Breathing new life into an old photograph

I thought i’d try out a photo restoration service to see if it could breathe new life into an old WWI photograph of my Gt Grandfather – here’s the results!

You might remember that during my 2015 Genealogy Resolutions, I aimed to grow my collection of family photographs.

The up-shot of that is that I have about a dozen old original photos that are creased, flaking, distorted, torn – I’m sure I’m not alone in having these. I also have a few that are modern prints of damaged photographs – where I’ve been able to temporarily borrow a photo to copy it.

Each one of these is just that little bit imperfect that it doesn’t quite make the grade when it comes to enlarging, printing or framing.

As the new year chimed in, I received an email out of the blue from Pick Nick Photo Restoration Services, in Kent, here in the UK.

Pick Nick Photo Restoration Services logo

I’d not really prioritised my photo restoration, as I can meander my way around the likes of Photoshop okay-ish and have made some improvements to the lesser-damaged images in the past, but nothing too adventurous. I think I’d mentally filed the more damaged images in my ‘to-do’ file… you know, the one that must be huge and probably has a 10yr waiting list. That one.

Trying out a photo restoration service

So, on the offer of a freebie, I thought that I’d give it a go. Why not? I get a photo repaired and Pick Nick gets a photo to show off in their portfolio. Everyone’s happy.

So, let’s take a look at the original – this is a photograph of my Great Grandfather, Ernest Edward Thomas Dewey. He served as a Private in the First World War, with The Suffolk Regiment, The Royal Munster Regiment, and The Royal Irish Fusiliers, and saw action in Gallipoli.

Pte Ernest Edward Thomas Dewey on horse (before)
BEFORE: My Great Grandfather Pte Ernest Dewey on a horse during the First World War. Photo: Andrew Martin.

…and within a few days, I received an email back from Pick Nick with the photo restoration job done.

Pte Ernest Dewey on horse - after photo restoration by Pick Nick
ABOVE: My Great Grandfather’s WWI photo looks as good as new after Pick Nick’s restoration (the watermark is purely to protect this image online – i have one without).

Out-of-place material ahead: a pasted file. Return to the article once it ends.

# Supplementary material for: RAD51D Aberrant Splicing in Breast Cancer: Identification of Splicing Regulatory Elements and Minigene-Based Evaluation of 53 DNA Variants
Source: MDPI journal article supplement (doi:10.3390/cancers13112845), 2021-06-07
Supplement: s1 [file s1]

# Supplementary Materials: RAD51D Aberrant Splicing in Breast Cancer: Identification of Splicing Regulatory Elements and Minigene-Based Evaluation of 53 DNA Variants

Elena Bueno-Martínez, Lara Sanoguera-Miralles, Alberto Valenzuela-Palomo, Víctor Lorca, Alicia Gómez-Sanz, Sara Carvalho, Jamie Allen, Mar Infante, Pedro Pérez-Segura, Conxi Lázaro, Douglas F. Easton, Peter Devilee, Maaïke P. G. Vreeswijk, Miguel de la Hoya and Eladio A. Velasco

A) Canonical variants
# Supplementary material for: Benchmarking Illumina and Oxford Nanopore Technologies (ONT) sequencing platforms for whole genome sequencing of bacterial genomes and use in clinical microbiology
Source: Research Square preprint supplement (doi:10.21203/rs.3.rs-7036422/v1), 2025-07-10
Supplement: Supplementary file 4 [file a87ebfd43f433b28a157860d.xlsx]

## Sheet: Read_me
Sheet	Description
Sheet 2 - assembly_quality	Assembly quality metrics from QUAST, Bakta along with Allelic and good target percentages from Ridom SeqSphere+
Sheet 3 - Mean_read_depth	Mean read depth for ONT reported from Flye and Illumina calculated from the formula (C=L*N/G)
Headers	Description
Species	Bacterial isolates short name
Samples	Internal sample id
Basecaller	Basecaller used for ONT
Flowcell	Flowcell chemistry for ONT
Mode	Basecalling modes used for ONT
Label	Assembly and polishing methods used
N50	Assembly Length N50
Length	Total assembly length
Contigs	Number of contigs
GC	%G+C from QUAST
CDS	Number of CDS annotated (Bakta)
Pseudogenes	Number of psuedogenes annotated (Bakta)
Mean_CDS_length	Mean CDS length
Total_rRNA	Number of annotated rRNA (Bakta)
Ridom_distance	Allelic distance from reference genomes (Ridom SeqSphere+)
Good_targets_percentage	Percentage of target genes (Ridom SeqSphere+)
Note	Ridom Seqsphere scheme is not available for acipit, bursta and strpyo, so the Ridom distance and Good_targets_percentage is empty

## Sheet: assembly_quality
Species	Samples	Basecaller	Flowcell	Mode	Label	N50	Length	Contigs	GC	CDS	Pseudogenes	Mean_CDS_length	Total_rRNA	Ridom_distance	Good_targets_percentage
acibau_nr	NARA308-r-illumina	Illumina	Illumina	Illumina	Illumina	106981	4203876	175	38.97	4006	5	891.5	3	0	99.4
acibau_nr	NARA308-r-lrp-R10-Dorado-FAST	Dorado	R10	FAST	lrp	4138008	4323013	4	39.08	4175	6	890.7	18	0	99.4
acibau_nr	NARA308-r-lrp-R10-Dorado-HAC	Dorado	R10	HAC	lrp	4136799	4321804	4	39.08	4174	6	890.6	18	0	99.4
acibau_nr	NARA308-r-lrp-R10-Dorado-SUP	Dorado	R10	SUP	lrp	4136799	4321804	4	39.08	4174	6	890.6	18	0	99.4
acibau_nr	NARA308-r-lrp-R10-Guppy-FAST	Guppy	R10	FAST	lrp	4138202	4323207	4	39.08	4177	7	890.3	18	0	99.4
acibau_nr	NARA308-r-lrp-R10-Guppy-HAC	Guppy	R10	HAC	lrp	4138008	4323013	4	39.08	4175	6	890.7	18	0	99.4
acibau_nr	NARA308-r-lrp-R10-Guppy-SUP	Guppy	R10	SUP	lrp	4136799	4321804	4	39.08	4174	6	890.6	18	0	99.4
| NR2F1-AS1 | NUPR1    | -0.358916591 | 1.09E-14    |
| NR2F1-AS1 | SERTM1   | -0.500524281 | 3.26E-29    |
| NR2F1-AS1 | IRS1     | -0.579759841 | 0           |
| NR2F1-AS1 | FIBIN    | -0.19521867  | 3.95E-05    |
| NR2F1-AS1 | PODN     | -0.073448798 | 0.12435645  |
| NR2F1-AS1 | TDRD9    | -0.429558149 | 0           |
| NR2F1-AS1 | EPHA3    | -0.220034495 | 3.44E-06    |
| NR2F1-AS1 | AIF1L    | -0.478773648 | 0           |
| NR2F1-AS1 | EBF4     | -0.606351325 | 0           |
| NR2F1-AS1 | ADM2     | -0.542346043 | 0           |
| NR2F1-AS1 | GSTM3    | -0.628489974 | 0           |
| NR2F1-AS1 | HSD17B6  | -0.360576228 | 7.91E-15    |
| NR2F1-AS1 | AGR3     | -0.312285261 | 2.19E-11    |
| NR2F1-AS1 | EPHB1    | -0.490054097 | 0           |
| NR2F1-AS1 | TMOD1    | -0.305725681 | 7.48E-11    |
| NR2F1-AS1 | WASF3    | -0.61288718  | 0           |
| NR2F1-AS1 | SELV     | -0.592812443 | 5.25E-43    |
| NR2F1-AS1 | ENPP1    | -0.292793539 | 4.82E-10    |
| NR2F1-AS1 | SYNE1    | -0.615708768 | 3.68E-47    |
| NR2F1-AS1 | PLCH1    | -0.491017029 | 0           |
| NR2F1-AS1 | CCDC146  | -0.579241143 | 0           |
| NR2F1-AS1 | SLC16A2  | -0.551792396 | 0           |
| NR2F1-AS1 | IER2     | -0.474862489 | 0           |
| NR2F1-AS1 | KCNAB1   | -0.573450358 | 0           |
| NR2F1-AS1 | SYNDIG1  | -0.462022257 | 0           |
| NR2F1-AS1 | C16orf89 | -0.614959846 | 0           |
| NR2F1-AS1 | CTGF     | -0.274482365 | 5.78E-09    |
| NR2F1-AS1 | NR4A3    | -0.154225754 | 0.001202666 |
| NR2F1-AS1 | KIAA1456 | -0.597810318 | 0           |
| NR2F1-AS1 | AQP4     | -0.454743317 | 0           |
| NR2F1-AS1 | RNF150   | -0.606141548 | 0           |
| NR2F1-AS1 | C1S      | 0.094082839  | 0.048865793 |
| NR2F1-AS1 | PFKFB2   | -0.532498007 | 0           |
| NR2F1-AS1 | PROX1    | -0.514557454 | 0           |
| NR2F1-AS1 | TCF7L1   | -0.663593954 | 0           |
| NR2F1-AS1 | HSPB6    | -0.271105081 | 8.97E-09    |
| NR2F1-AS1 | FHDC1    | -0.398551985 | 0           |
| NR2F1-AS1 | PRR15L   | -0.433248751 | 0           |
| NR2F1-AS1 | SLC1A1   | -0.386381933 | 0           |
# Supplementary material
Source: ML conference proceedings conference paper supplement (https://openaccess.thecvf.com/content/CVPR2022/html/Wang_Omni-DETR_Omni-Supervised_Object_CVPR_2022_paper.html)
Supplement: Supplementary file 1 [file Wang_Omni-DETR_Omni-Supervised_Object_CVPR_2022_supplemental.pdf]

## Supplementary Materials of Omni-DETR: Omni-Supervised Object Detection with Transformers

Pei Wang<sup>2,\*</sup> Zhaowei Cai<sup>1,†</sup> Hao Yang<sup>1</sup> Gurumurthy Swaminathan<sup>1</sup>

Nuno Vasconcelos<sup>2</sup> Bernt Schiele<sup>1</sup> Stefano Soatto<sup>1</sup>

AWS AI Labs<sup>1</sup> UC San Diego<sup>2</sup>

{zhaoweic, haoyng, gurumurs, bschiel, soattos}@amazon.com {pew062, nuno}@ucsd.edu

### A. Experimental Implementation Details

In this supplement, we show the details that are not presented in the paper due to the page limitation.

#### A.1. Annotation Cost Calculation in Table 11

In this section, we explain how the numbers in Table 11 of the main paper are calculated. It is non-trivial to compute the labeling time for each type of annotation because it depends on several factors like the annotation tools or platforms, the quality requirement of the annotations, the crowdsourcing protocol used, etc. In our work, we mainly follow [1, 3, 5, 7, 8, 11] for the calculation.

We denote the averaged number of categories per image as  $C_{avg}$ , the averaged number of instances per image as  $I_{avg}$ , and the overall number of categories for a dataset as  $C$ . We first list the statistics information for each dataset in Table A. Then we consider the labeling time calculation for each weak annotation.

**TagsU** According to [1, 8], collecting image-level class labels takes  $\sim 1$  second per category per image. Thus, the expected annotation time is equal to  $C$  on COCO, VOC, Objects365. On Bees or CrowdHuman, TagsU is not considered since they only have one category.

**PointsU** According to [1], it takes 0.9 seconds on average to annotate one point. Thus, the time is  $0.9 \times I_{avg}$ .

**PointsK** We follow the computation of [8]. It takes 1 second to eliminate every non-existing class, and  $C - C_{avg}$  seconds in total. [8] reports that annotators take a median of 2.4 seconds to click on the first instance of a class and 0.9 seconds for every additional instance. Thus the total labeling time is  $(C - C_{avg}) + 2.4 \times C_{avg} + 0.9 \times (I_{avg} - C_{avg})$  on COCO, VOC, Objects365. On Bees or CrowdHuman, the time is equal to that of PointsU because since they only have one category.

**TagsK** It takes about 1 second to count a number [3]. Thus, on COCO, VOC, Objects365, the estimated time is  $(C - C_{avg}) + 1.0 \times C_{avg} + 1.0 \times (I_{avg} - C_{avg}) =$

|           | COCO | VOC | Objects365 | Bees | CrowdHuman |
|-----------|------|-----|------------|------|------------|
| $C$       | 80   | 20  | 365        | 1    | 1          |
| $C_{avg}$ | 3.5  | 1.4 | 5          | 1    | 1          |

I’m really impressed at the result. The photo is much crisper and the sepia level is less aggressive, but those creases have been removed, and the missing bits of the photo that have long since flaked away, have been replaced – seamlessly returned to their rightful place about 100 years since the photograph was first taken.

To feed my curiosity (I’m never one to shy away from such nerdery), Pick Nick sent me a video link that shows the photo restoration done in 3 minutes. From my own dabbling experience, I know it would have taken hours rather than the 3 minutes to do – it’s a very tricky art to master!

So, bringing new life to an old photo has inspired me to rummage and find some more photos that could do with a new lease of life in 2016.

For now though, I definitely know who to recommend if I’m looking for someone to restore my old photos in future.

Wordless Wednesday – posing in 1953 and 1973

Wordless Wednesday: Both sets of maternal Great Grandparents pose in 1953 and then again in the same formation, 20 years later in 1973.

Barber and Dewey great grandparents pose for a photo in 1953
Both sets of Maternal Great Grandparents in 1953…
Ernest and Maude Barber, with Susan and Ernest Dewey, at the wedding of their granddaughter Glenda Ann Dewey to Stephen Leslie Martin at Witchford, 1973.
and by complete serendipity, they pose in the same order 20 years later, in 1973.

Wedding Wednesday – 1925

This week for Wedding Wednesday, I’ve gone back to 1925, to the wedding of my Great Grandparents Ernest Dewey and Susan Moden at Ely, Cambridgeshire.

This week’s Wedding Wednesday blog post, visits Ely in 1925, when my Great Grandparents were married.

After a nine year courtship, that reached back from November 1925, and into the First World War, Ernest Edward Thomas Dewey and Susan Jane Moden were wed at St Mary’s Church.